Anxiety sucks. Period. I’m not entirely sure when it started festering for me, but on July 1st I had my first (and hopefully last) full-blown, call-the-paramedics-I-think-I’m-having-a heart-event anxiety attack.
Except I wasn’t dying…
Not in front of the child, that thought made my heart race even faster. “I could publish a textbook on what an ideal heart beat looks like,” my doctor said the next day, giving me my EKG results. She sent me home with a prescription to resume my exercise routine, daily meditation, blood pressure monitoring, and…grief. Yes, grief.
The “Adjustment Reaction”
I am a professional compartmentalizer. I package away emotions to deal with them later, a skill which served me well in corporate life. In the office, I am the even-keeled one, the fire-putter-outer, the voice of reason and calm, the one who preaches response over reaction. I am my own worst enemy.
The thing about packing away emotions is that you need to remember where you put them and unload them or they erupt like an inflamed boil of pus and infection, like a Vesuvius that offers no warning before exploding and burying everyone and everything in ash. My neighbor, who like a therapist sat with me after the EMTs left, explained this eruption concept to me: anxiety attacks are the body’s release mechanism for unacknowledged shit. In fact, there is even a medical name and diagnostic code for them: Adjustment Reaction with Anxious Mood. My neighbor should know, he owns the experience of five anxiety attacks that occurred during a condensed and acutely stressful period in his life. I remember hearing about the ambulances coming to his house….
June was a good month and a tough month. Back-to-back repeat visits by my parents and in-laws to our very little home, lots of cooking and entertaining, multiple weekly swim and gymnastics classes for Em, hubby out of town, babysitting neighbors’ kids, pet sitting – all (in hindsight) combined with little rest. Being a high energy person, easy peasy, I could handle that lack of rest part knowing an end was in sight, right? NO, I couldn’t handle the load, not when I also failed to take the time to process through all of the stuff and stress that those visits and endless running around kicked up. But layer on watching my dog, Baxter, weaken and progress rapidly through the dying process and not having the physical space to grieve his impending end, to process those inevitable regrets of lost opportunity, well…turns out, it was too much.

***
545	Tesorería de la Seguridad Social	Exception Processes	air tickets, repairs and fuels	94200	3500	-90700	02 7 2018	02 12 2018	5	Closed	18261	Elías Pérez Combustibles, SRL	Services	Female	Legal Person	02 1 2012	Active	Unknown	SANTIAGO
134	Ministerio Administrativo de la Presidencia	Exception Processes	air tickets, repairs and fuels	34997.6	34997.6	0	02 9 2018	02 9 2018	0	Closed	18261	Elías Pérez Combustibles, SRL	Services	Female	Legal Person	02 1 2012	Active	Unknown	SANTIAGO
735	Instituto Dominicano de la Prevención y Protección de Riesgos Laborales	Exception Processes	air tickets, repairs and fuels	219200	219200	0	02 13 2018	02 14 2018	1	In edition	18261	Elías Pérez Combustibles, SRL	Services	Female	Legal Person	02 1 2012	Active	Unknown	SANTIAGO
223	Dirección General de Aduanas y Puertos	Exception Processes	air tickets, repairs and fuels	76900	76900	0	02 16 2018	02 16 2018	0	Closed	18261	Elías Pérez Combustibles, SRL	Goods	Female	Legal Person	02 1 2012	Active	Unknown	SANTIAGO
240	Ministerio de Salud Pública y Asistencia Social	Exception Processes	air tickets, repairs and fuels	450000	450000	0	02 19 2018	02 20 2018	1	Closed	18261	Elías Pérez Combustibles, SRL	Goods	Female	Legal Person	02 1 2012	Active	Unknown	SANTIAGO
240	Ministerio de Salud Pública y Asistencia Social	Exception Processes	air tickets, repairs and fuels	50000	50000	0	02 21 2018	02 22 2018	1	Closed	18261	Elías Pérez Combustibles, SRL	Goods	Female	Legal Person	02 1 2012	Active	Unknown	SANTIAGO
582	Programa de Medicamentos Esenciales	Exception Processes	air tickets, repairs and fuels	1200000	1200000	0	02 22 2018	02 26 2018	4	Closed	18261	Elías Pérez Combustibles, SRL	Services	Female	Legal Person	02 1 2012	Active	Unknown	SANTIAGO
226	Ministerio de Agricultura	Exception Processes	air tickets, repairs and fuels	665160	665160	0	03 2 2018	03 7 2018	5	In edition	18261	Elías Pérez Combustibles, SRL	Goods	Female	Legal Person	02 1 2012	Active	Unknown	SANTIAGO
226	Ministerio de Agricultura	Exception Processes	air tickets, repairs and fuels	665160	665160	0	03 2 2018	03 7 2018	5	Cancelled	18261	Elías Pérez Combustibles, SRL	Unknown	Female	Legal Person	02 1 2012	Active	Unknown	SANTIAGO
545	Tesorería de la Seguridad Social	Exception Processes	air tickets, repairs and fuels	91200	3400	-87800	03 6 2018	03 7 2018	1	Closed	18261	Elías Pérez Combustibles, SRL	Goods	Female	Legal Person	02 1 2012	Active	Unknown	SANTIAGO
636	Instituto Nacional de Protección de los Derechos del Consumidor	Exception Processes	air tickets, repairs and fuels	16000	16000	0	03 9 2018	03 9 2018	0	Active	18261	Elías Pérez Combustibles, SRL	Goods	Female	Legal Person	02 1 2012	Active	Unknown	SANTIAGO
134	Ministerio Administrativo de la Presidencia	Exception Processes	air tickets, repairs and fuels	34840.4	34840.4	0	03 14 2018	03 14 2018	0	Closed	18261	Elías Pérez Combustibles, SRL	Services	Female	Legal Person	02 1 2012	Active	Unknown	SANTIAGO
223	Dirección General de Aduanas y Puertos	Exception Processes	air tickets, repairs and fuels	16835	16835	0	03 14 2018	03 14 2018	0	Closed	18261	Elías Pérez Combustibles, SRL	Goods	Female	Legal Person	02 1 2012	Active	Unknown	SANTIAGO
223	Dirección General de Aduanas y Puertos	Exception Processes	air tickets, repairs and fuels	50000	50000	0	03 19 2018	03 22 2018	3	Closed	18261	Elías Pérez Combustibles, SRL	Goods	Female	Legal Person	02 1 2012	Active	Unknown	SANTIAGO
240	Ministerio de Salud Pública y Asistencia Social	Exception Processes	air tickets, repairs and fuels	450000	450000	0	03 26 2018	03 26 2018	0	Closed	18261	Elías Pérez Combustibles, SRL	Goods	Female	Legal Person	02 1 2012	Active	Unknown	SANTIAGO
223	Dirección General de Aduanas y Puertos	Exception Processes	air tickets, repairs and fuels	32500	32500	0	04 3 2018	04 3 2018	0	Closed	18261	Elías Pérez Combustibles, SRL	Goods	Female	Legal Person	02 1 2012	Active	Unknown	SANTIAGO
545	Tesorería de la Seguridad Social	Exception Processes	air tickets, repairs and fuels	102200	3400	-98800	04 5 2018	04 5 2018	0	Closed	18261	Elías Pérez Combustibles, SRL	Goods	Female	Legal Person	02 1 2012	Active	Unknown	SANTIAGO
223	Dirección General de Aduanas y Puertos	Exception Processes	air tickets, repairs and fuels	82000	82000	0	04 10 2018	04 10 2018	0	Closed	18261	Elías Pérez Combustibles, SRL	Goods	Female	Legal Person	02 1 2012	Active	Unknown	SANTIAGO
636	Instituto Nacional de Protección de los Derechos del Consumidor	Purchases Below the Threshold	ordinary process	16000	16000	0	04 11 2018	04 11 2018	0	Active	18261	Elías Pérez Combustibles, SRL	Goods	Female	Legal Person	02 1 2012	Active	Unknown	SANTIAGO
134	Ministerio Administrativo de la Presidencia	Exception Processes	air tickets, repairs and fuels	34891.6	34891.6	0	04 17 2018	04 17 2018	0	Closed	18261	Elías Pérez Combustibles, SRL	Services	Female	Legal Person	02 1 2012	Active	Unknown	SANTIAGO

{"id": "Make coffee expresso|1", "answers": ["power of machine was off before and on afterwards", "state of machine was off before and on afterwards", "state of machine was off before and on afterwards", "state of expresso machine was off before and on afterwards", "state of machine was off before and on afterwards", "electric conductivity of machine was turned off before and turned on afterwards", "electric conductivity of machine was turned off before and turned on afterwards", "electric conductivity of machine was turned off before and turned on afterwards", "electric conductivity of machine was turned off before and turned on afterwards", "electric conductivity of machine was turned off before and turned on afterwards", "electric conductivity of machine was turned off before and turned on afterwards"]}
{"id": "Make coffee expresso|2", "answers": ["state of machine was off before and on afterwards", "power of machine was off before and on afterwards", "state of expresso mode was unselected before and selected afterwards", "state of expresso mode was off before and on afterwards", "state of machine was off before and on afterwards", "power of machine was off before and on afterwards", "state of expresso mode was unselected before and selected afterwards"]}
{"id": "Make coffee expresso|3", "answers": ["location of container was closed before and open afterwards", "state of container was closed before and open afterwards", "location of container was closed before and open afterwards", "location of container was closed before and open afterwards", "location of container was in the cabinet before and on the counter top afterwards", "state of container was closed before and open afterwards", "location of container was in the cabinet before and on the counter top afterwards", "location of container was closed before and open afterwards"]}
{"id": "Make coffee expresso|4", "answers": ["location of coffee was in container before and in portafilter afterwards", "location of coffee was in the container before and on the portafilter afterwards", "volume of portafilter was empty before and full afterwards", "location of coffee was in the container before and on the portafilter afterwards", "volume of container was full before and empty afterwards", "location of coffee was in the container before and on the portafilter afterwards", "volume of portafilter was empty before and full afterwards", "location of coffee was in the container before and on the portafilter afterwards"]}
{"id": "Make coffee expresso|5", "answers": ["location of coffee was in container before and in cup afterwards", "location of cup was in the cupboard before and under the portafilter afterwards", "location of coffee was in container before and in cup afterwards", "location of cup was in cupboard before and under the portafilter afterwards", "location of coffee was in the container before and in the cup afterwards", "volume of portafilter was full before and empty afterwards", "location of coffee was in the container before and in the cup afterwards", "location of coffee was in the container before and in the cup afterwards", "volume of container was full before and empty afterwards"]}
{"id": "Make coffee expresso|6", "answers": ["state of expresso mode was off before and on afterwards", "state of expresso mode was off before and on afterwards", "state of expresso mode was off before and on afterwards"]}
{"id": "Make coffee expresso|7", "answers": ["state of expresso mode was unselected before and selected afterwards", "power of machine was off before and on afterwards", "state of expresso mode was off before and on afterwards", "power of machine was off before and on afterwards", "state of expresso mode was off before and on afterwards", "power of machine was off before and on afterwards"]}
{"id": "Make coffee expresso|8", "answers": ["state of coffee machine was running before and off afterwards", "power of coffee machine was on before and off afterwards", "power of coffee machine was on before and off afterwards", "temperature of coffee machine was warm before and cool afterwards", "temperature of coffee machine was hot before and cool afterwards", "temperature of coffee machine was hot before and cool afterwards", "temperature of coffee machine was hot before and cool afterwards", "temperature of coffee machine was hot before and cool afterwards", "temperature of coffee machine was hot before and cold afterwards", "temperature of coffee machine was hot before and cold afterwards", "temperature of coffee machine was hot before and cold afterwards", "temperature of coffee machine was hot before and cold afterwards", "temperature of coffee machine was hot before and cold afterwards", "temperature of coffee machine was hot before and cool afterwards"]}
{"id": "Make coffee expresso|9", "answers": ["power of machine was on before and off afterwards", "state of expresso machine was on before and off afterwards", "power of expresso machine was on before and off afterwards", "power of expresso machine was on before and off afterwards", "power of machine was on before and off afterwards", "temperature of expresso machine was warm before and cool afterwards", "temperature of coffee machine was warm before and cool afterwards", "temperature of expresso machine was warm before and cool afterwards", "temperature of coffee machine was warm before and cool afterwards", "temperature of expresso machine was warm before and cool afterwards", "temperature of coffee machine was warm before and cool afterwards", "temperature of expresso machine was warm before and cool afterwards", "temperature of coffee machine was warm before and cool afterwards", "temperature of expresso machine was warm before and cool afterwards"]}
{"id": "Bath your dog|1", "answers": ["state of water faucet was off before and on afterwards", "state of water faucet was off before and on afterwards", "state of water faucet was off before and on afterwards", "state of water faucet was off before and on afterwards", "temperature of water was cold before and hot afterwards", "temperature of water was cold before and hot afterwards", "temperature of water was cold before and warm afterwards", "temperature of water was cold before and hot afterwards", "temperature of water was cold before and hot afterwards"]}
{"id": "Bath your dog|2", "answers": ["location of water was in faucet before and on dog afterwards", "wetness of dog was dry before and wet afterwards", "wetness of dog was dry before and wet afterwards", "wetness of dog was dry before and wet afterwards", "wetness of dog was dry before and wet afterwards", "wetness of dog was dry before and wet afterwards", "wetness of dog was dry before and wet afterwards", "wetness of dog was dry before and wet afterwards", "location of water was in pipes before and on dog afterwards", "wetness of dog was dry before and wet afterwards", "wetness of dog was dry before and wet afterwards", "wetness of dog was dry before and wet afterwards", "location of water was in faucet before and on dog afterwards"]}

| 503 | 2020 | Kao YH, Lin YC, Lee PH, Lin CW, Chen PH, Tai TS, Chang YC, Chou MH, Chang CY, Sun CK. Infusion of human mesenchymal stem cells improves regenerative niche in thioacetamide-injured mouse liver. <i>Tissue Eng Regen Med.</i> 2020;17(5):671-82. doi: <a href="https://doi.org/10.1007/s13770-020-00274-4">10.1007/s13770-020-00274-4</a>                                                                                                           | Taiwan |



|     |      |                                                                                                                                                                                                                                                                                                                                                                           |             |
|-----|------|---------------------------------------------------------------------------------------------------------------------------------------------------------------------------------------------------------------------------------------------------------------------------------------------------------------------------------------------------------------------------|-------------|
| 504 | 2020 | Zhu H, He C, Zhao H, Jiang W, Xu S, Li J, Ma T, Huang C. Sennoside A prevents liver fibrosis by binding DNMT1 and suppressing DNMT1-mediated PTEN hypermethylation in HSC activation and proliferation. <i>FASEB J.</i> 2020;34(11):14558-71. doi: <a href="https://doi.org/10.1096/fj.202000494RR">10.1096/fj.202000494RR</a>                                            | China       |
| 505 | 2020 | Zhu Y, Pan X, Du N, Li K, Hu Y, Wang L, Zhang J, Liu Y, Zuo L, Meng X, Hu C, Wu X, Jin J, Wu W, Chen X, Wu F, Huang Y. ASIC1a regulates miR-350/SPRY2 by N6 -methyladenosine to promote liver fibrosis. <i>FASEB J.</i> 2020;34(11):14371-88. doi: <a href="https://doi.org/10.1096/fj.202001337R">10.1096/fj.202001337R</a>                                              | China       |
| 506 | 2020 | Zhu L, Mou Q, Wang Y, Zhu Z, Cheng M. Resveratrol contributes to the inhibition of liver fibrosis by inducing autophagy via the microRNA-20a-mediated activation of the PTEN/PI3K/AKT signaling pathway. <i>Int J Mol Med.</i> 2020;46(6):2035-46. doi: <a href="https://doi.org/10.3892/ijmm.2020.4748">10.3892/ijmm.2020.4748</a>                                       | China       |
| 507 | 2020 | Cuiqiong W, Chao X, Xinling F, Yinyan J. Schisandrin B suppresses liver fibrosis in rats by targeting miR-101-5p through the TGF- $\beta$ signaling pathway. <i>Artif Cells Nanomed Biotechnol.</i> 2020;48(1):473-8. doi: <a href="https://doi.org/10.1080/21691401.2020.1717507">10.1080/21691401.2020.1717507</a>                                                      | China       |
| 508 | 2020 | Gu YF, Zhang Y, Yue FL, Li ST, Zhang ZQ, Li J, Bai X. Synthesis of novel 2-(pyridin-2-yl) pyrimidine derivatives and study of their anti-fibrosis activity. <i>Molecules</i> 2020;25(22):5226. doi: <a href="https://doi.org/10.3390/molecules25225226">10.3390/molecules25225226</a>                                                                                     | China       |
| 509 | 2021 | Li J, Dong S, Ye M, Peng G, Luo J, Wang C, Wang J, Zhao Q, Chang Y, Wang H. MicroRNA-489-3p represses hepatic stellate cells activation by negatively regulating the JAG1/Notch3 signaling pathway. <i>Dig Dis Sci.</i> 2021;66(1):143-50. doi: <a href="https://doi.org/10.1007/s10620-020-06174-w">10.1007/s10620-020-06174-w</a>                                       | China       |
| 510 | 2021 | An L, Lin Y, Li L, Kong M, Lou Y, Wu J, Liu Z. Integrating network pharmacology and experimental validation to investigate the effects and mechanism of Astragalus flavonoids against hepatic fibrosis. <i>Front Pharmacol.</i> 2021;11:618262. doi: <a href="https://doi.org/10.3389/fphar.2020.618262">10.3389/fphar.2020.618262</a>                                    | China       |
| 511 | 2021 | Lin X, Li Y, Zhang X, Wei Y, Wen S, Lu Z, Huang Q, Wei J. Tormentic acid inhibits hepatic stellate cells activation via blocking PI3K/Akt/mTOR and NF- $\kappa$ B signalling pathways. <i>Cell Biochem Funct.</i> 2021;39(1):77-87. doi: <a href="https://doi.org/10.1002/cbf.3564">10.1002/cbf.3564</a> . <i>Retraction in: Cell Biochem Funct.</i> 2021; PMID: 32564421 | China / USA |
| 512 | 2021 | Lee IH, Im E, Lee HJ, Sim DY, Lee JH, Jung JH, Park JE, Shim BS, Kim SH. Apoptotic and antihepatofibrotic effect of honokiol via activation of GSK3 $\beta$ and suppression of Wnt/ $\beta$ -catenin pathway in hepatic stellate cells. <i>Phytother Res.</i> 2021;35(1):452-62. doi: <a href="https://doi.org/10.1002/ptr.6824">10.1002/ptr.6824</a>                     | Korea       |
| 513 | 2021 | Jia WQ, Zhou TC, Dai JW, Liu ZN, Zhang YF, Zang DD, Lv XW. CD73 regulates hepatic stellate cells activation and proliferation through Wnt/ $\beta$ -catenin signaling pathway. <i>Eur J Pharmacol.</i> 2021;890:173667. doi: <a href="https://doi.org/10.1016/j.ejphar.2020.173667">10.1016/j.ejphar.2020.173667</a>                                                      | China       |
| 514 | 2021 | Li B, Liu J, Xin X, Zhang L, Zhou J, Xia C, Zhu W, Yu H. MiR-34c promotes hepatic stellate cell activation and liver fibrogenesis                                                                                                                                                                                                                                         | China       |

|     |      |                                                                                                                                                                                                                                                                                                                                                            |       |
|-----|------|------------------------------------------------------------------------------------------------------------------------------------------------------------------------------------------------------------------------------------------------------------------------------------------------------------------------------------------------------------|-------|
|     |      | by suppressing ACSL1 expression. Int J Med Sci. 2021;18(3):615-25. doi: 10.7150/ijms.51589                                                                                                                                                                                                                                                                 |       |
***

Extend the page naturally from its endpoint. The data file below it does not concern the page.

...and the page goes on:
I knew Baxter as long as I knew my husband. He is synonymous with this house (formerly my husband’s) and all my memories here. Always in the back of my mind while I was at work or on errands was this thought: I have to get home by (time) to let Baxter out. He kept the yard clear of squirrels, rats, mice, rabbits, opossums that could wreak havoc on a garden or compost pile. He was the perfect running companion, and if you had aspirations of starting a running or walking program, he started the habit for you. After just one run or walk, he was ready the next day (and the days after) at the appointed time, waiting. He was my friend, and I had to make the decision to end his pain, agonizing over whether it was too soon and fearing being too late. Finally, Baxter died in June, the month my sister Leslie passed all those years ago after her own agonizing fight, which, yes, kicked up a grief storm all its own.
Yep, on July 1st (three days after Baxter died) I saw that doggy nose snot on the back storm door, and I. Lost. It. I needed that snot to stay forever, and then I needed to cry. But even though Em had seen me crying, sobbing already and I explained to her what was happening and how important it was to cry, I didn’t want to spend the week in that state. So, I stuffed it down after a whimper or two. Then the heaviness in my chest started. Then the dizziness started. Then I made the mistake of taking my blood pressure, and, WHEEEE, I was on my way!!!